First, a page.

If there was one single day that exemplified the essence of the Law Society’s bias and conflict of interest in judging Harry Kopyto’s moral character, it was Tuesday March 4, 2014. Come join us to review the theatrical production that took place.
There was Harry at the podium―stubby and unshaven―shirt hanging out over his pants, bluntly questioning his witness, as usual without notes. There was Panel Chair Margot Blight, demur and affable, with the usual smile pasted on her face except for occasional flashes of anger and a nervous habit of chewing her fingernails that reveal her real mood. She was sitting between her two fellow Panel members, stern paralegal Michelle Tamlin and public appointee Baljit Sikand, always ready to soften Blight’s rough edges. There were also Law Society counsel, Susan Heakes and Anne Catherine Dionne. They were sitting to Harry’s right, ready to pounce whenever opportunity allowed. And there was Mike Giftopoulos, Harry’s character witness, fidgeting uncomfortably at the witness table in surroundings that were clearly unfamiliar to him.
The stage was set. The Panel was straining to create an atmosphere of dignity in Osgoode Hall’s austere Museum Room. Everyone’s role was defined. Nothing appeared amiss. It was just―on the surface―one more day out of dozens and dozens of other hearing days.
Each day, Harry’s moral character is the subject of detailed dissection by the gatekeepers of moral rectitude, who decide who can be an advocate in Ontario’s courts. Everyone knows what the denouncement will be. However, the masquerade party still has a couple of days to go before the masks are doffed.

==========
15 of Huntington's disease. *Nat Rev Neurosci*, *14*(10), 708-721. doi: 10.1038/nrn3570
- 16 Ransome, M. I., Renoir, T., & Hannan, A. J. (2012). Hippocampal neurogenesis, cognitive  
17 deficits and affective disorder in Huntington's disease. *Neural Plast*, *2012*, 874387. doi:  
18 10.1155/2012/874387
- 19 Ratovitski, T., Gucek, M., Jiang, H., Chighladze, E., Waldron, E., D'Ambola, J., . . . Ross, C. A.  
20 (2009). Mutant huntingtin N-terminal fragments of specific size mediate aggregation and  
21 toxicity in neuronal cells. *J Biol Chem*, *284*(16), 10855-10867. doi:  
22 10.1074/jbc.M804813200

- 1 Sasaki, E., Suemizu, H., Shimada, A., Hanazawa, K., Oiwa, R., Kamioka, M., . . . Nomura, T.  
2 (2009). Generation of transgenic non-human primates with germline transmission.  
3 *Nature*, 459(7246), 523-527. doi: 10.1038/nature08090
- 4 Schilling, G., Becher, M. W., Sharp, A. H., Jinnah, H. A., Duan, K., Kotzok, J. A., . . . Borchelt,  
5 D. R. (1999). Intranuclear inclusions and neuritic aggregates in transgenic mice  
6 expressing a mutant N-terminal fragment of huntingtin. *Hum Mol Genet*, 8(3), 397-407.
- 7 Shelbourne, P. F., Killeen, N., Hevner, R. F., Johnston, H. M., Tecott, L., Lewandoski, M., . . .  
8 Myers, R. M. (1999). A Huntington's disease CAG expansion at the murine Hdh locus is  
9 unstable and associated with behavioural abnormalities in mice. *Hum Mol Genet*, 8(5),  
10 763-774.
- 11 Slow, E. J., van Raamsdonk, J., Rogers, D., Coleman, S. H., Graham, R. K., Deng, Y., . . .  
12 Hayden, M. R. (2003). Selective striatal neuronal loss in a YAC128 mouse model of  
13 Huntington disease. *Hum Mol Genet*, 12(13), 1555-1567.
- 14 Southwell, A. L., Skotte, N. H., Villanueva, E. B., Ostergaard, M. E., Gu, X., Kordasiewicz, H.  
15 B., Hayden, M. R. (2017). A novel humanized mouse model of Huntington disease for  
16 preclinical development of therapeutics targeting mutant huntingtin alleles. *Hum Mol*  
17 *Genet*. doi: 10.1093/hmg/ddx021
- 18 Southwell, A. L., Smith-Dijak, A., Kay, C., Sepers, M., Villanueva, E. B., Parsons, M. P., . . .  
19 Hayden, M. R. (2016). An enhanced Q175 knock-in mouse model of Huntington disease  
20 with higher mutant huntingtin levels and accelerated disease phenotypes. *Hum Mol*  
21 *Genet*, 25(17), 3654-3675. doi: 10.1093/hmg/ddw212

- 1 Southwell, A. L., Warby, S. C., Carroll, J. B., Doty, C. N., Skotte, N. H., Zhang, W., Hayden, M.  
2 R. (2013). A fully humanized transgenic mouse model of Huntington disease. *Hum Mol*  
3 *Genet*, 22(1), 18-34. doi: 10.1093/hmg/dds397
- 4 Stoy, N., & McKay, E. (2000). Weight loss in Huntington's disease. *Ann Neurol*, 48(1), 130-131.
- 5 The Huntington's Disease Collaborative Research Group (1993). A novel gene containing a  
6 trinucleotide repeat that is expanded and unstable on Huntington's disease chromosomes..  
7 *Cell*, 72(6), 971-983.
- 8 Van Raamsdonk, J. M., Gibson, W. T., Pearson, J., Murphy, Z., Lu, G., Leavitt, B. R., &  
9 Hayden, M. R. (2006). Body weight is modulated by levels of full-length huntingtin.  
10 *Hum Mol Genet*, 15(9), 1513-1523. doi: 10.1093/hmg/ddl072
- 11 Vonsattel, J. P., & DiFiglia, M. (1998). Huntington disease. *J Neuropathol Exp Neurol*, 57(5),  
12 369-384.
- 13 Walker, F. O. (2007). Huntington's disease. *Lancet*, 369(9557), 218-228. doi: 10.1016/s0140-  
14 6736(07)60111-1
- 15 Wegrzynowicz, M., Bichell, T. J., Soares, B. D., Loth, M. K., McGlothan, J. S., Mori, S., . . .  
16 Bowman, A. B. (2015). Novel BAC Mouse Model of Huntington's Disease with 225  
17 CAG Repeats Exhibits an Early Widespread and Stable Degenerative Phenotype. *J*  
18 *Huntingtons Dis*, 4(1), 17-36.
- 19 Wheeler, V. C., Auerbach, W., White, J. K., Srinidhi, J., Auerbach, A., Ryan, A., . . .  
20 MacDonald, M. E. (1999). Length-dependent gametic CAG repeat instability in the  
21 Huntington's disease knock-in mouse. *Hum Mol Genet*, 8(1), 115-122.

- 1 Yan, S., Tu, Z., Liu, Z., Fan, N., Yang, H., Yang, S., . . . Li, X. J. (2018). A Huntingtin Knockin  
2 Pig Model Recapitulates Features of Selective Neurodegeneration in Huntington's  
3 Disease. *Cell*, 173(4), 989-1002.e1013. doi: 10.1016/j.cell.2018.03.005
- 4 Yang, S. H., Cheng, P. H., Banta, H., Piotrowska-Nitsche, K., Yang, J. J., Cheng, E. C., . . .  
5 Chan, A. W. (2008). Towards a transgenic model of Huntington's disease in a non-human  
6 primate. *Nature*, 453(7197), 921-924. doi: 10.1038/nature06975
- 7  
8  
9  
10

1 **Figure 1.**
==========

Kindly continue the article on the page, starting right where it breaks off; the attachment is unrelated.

Turn the Clock Back
Turn the clock back a few months. A different stage is set. This time, Giftopoulos is not a witness. He is a teacher for a Catholic Separate School Board. This time, Margot Blight is not a judge. She is a lawyer for Canada’s largest law firm ensconced at a vertigo-inducing height in her office in a skyscraper on Bay Street. And there is Harry Kopyto, widely perceived with some legitimacy as a thorn in the side of Big Law, chatting to a new client on the phone in his paper-strewn office.
Yet there are invisible threads that have knit together these three players’ both past and present roles. Mike emerges into this scene as a disabled employee of the school board. He is denied the right to teach full-time despite clearance from his medical team. Blight acts as counsel for the school board. She is attempting to justify its refusal to let Mike work full-time by smearing him as aggressive and unstable. And Harry, God bless his soul, has just told Mike in his first phone call from him that he would represent Mike on principle without charge in a human rights complaint already filed by Mike against the school board.
You Want Irony?
You want irony? How about double irony? Harry has no idea who is representing the board against his client Mike. And, indeed, who is it? None other than Margot Blight, Hearing Panel Chair at his good character hearing who will decide if he qualifies to be a paralegal. What a coincidence that she is also the legal architect of the school board’s defence to Mike’s complaint. And Blight too does not know that her self-represented opponent, Mike, will soon be a witness for Harry testifying before her in her role as judge before the Law Society. Such are the twists and turns that the Fates spin in determining the destiny of us mere mortals.